Considering bitcoin’s origins as a decentralized technology designed to disrupt the world banking system, it’s no surprise that the cryptocurrency community has a rather tepid relationship with financial regulators like the Securities and Exchange Commission (SEC).
Meanwhile, alleged cryptocurrency scams like Centra Tech — which the SEC believes raised $32 million in a fraudulent initial coin offering last fall — have done little to help the relationship from the regulator’s perspective.
Add this complicated background to the fact that the SEC is still developing its official policy on how to regulate cryptocurrencies, and you’ve got an incredibly vague and shaky legal environment from which to try to run a business.
Now, as companies big and small compete for a piece of the cryptocurrency pie, much of the ground work is being done by an invisible force in the C-suite: the general counsel — which is to say, cryptocurrency companies’ in-house lawyers.
Many of the lawyers on this list have spent their careers in finance law or in-house at other tech companies. One lawyer went in-house just one year after finishing her law degree, while another held senior-level roles across three different presidential administrations before finding his way into the world of bitcoin.
Whatever their experience, these 9 lawyers are helping some of the biggest names in cryptocurrency navigate the shaky and ever-changing landscape of blockchain regulation and compliance.
Here’s who you need to know.
Brynly Llyr — Corporate Counsel at Ripple
Undergrad: Mills College
Law school: University of California, Berkeley
Why you should know her: Llyr’s career has spanned both tech and finance, making her uniquely qualified to work in cryptocurrency.
“I joined Ripple in 2016 for the company’s technology and vision,” Llyr told Business Insider. “Improving the efficiencies with payments helps real people around the world – many of whom are either shut out of the banking system altogether or are subject to high fees and poor visibility into the payment system.”
Prior to joining Ripple, she was at PayPal and eBay for a combined total of five years and managed a range of issues from litigation to patents. Before that, she was at a law firm representing both corporate and individual clients in regulatory investigations, among other things.
But one of Llyr’s most defining experiences may likely be one that happened before she had a law degree at all. Llyr spent seven years as a project manager and stock broker at Charles Schwab, which gives her unparalleled understanding of the financial systems that Ripple is trying to conquer.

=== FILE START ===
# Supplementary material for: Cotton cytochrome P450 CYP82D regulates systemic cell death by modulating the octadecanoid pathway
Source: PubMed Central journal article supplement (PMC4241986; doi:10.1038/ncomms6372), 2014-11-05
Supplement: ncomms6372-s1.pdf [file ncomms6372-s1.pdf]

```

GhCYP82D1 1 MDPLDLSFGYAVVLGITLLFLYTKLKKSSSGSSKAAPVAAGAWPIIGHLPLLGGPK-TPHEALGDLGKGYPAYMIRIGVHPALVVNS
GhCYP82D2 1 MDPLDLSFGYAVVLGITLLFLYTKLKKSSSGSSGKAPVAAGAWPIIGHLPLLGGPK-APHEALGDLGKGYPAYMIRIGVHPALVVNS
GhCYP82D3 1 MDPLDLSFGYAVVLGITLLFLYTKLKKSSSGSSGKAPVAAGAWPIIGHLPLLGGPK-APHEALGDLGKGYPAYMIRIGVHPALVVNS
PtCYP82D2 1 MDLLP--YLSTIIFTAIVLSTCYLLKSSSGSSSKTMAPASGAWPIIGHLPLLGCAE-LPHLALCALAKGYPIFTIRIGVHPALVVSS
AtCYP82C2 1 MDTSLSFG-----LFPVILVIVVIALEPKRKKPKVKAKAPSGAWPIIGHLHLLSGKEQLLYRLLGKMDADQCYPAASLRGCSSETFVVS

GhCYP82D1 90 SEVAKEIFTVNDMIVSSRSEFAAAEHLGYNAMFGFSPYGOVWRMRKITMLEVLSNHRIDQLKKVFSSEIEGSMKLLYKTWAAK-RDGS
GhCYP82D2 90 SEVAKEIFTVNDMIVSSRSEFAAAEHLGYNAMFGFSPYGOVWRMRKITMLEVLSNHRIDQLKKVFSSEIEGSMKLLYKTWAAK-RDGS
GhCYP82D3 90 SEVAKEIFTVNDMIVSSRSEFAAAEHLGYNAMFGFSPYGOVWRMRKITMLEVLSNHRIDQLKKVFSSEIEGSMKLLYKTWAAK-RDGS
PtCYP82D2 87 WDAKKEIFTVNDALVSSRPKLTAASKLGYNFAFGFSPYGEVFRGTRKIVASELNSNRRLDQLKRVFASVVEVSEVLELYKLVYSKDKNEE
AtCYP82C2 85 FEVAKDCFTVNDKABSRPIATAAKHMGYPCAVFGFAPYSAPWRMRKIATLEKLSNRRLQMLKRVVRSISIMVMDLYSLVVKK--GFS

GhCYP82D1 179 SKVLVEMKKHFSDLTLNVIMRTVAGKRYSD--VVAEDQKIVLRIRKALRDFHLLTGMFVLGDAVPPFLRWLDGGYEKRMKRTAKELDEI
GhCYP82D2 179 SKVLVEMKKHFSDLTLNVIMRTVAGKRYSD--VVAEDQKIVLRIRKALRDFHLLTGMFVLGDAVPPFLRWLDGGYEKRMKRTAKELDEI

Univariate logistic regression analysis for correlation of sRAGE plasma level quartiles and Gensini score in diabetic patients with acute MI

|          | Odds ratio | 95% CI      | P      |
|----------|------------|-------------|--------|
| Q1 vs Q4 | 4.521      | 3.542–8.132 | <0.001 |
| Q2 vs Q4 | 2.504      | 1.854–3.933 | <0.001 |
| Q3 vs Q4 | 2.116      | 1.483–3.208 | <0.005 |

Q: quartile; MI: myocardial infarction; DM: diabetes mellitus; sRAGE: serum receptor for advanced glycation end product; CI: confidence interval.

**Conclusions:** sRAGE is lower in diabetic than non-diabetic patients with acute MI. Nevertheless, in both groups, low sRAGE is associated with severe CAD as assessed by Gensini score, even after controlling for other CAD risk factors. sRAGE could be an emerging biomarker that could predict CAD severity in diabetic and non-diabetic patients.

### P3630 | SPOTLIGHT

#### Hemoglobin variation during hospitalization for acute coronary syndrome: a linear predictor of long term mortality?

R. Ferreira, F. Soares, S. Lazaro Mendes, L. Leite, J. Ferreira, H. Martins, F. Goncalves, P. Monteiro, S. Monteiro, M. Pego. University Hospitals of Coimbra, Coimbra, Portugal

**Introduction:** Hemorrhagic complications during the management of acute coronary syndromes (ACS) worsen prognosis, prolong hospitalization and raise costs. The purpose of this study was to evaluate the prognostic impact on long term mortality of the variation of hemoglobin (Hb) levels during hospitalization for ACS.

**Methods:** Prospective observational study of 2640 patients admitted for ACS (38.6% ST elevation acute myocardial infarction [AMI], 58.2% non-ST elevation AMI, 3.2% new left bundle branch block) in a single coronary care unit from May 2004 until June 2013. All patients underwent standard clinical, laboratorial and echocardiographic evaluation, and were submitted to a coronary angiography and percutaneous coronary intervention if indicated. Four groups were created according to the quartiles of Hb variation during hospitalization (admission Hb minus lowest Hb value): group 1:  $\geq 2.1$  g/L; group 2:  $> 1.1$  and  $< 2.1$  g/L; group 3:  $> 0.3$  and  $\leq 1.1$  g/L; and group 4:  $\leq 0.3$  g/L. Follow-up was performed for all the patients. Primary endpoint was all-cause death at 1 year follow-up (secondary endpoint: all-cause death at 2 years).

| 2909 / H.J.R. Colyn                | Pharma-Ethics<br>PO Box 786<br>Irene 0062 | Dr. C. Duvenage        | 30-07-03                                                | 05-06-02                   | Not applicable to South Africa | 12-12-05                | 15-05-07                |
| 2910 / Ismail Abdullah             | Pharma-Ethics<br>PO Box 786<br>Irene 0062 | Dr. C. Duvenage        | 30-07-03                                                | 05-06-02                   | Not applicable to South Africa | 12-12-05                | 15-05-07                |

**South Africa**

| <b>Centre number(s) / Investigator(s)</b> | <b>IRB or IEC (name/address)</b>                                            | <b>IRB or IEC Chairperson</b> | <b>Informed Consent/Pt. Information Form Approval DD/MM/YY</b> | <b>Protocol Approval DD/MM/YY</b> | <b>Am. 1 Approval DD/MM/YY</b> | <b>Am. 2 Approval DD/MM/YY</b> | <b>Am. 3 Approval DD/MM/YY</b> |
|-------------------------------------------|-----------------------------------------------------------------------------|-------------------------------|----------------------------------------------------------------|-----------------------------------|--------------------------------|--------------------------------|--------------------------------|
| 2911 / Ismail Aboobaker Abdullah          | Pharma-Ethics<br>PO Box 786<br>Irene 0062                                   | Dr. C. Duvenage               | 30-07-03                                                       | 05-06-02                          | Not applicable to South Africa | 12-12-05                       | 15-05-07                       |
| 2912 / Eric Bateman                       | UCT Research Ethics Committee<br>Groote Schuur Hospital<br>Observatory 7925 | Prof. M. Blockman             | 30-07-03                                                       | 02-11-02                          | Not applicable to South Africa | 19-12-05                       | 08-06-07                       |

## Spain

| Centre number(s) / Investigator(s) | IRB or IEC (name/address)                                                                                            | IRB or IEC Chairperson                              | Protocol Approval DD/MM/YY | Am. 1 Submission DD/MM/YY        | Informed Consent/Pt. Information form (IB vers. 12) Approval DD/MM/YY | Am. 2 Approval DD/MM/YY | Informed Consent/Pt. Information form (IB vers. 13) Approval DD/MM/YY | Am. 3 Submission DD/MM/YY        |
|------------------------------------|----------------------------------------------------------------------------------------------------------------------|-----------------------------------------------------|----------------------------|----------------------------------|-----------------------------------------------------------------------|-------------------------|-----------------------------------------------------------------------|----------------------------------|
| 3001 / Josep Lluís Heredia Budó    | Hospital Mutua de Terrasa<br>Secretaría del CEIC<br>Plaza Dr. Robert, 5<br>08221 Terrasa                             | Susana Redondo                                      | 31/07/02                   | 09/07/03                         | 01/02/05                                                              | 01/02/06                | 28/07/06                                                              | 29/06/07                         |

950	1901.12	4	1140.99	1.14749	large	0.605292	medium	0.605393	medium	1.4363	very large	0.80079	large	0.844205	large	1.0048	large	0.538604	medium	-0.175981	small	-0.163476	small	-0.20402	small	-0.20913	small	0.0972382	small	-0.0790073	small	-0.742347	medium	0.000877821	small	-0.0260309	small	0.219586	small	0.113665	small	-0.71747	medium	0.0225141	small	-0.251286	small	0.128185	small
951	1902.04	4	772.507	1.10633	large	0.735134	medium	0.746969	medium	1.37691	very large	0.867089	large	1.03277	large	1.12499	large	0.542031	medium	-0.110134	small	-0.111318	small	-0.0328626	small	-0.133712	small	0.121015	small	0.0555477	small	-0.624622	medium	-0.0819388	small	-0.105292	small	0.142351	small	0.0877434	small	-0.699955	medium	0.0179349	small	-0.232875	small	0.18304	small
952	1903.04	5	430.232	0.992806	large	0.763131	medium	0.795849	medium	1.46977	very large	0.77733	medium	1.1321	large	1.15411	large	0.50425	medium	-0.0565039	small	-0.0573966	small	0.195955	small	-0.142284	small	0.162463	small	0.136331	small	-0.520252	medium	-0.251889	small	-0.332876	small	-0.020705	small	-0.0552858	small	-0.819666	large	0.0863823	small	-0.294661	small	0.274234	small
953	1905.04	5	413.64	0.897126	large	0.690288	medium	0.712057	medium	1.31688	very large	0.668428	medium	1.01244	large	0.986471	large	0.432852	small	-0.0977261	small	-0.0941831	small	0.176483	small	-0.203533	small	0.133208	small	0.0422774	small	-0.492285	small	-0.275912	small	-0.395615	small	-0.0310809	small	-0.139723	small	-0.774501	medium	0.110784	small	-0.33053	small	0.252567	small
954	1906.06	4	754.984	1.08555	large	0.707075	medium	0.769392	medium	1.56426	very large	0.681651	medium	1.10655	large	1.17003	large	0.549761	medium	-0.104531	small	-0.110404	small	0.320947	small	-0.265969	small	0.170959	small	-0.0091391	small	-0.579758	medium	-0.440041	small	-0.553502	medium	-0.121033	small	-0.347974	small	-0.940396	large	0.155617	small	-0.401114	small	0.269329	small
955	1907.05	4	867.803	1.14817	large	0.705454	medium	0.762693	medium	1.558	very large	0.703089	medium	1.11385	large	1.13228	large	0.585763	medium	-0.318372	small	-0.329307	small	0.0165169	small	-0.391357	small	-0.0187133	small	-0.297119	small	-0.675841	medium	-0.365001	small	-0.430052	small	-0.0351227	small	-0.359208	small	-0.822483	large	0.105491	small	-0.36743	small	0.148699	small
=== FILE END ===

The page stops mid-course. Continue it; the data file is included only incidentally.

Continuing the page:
Mike Lempres — Chief Legal and Risk Officer at Coinbase
Undergrad: Dartmouth College
Law school: University of California, Berkeley
Why you should know him: Lempres’ career has spanned both public and private sectors, including time in senior government positions under three different presidential administrations.
He joined Coinbase in January from a similar role at another blockchain company, Bitnet Technologies. Before that, he was assistant general counsel at Silicon Valley Bank’s financial group.
“I first heard about cryptocurrencies from friends who were on it very early. Later I was working at a bank that focused on technology companies in the Bay Area, and a few crypto companies were looking for a bank,” Lempres told Business Insider. “The space was fascinating to me, and I began to believe it could change the world […] I still love the technology and the legal art in this space. No looking back!”
Lempres also has a less conventional item on his resume — mayor of Atherton, an affluent Silicon Valley town and the most expensive zip code in America, which is home to influential tech billionaires like former HPE CEO Meg Whitman and former Google chairman Eric Schmidt. He still sits on the Atherton city council.
Marco Santori — President and Chief Legal Officer at Blockchain
Undergrad: University of California, Berkeley
Law school: University of Notre Dame
Why you should know him: Santori is likely the crypto lawyer with the most name recognition among his peers — and with good reason. In addition to practicing law, he has been a central figure on the foundation level, helping bring legal clarity to a developing field.
Santori joined Blockchain from Cooley LLP, where he was head of the financial technology group. While he’s spent most of his career at law firms, Santori started building a name for himself in crypto around 2013, when he joined the Bitcoin Foundation as chairman of the regulatory affairs committee.
He even co-authored the authoritative white paper on Simple Agreements for Future Tokens (SAFT) — a new investment vehicle which has given venture capitalists and other investors a way to invest in blockchain startups outside of the traditional equity model. The SAFT model is used by top investors, like Sequoia Capital’s Matt Huang, today.